Traditional EDI is hard work and takes a lot of time, focus and effort. SAP is listening  and has taken steps to address the changing market for EDI and B2B. They are standardizing EDI and B2B integration around Netweaver PI, Enterprise Services Repositories, Global Data Types and eSOA and delivering these out-of-the-box B2B services with upcoming enhancement packages.

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    • The first part of your comment raises an important question about content categories, RSS usage, and consumption preferences.  The second part is articulated in a way that needs to be substantiated, else it resonates as a personal attack.
      • Marilyn/Kevin,
        I apologise for the comments that came after a very frustrating afternoon trying to locate technical information on SDN. I've seen Kevin s posting on relevance and commented but I feel I should expand upon my earlier posting.

        Should SDN be for purely technical content and the BPX community for business/process related content? I'm a developer (you're probably aware of that by now) and I'm interested in technical content and Kevins postings, although interesting, don't meet those needs. Can we separate the content yet still maintain a link? I think we can and should do that. Other developers must feel the same way. I'm employed to do a specific job and need all the help I can get to do it. However, I need to grow as a developer and that is where content such as this may be of interest at a time when I want to view it.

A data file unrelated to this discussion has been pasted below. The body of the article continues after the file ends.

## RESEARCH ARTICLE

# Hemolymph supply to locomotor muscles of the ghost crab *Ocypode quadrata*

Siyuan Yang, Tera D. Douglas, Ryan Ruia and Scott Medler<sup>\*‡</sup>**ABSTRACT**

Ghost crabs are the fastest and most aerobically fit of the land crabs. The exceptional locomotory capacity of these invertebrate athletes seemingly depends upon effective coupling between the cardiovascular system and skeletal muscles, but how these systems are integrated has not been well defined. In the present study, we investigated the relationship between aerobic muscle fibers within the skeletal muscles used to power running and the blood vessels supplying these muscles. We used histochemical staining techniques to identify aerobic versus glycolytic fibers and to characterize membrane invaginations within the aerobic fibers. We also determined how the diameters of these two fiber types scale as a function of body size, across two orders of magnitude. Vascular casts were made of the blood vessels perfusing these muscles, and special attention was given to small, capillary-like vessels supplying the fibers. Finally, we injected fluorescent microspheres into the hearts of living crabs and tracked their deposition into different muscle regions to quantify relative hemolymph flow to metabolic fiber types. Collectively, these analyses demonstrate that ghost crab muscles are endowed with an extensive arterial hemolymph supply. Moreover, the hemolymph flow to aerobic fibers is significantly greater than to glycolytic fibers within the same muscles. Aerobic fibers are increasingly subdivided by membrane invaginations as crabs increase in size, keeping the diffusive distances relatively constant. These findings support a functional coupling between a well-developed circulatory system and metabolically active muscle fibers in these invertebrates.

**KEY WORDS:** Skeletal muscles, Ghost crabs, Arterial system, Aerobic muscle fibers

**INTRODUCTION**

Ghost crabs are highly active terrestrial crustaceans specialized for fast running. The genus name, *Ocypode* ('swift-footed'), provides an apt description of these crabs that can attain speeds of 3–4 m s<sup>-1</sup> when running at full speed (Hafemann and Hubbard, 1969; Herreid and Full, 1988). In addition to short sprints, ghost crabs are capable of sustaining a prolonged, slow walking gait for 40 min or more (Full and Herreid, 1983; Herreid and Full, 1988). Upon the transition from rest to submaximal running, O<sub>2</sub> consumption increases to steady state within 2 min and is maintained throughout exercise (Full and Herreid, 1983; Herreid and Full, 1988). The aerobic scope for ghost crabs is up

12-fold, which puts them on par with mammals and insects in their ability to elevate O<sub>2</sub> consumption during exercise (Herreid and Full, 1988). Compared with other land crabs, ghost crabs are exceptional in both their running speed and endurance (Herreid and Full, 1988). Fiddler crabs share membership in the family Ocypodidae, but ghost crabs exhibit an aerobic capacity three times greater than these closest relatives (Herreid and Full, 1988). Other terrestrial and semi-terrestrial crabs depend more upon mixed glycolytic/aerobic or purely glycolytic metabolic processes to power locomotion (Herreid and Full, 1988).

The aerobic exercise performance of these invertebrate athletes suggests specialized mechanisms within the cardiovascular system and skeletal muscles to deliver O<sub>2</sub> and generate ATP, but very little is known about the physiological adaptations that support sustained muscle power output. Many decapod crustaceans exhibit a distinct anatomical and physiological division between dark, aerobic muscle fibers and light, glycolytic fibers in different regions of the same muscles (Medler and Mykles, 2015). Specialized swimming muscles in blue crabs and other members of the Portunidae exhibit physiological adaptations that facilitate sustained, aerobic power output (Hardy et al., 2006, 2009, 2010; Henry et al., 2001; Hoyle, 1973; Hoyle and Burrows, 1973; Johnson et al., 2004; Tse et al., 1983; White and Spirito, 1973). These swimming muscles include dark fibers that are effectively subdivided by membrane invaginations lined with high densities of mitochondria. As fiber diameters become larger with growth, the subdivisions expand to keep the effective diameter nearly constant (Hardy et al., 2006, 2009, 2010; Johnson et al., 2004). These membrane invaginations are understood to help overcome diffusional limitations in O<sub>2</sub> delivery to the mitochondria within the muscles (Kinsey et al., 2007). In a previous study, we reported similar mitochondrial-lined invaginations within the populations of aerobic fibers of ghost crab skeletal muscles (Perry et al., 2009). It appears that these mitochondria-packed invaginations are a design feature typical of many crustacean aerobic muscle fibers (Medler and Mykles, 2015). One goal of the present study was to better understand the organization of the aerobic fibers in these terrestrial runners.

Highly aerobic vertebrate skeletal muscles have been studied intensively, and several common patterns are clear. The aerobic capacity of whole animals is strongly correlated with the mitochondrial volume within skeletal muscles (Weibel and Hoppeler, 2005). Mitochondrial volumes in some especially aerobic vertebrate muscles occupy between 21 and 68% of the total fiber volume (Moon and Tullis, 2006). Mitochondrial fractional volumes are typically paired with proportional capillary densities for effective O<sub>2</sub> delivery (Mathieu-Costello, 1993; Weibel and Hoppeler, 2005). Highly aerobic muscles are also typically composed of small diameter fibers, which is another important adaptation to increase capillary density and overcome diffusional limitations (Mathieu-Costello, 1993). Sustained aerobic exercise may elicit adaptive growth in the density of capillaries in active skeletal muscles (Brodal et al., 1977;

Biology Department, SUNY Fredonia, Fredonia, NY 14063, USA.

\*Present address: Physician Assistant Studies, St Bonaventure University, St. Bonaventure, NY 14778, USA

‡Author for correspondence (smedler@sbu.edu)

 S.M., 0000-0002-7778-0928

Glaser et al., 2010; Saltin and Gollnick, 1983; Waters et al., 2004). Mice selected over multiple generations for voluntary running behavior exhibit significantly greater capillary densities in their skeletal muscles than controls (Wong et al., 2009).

I hope I've gone some way to explaining my earlier comment and haven't offended anyone in the process.

        • Now we are cooking.  Glad you expanded your comment.  The debate you open (reopen) is an important one and you raise excellent points and responses to Kevin's next blog post: Separating BPX and SDN for Relevance?. I understand now that what you are asking for is to take the feedback and find a way to better enable your needs so that you are not drowned out with content that for you appears as "noise".  Real tagging, catergories, and enhanced usage of RSS feeds are part of the solution. I also get you want clearer and defined separation of content, including blog and forum postings. And lastly you want improved ways of searching for relevant content.  Now I can say thanks for your clear comments and requests and to Kevin who took the opportunity to engage with you.
  • Good point Robert.  How do we separate discussions between the business users and the technical users on these blogs?  I will not be any help to you on technical issues as I work in the business process design and strategy area.
  • I have to take this article in stride. I have heard from number of pundits that EDI and B2B "supposedly" died and become irrelevant for at least a 10 years now. Now, decade later this still widely used and very relevant process and technology for a lot of business across the world. I have being operated web-site dedicated to basic implementation patterns between SAP and EDI (  ), for about 4 years now, and I noticed spike in traffic in the past 18 month. So, this being purely empirical test, I see growth in demand EDI and B2B implementation. Now, I do have to agree with an author, at least in part, that technology is hard to implement, but only because the lack of understanding, strategic planning and leadership oversight. The last statement, is based on personal market place observation and over decade of experience...

    If your company is serious about supply chain optimization, EDI and B2B strategy is a must. Feel free to contact me and I will be more than happy to share information to jump-start your EDI program.

    Cheers and happy Optimizing!

    Sincerely, Max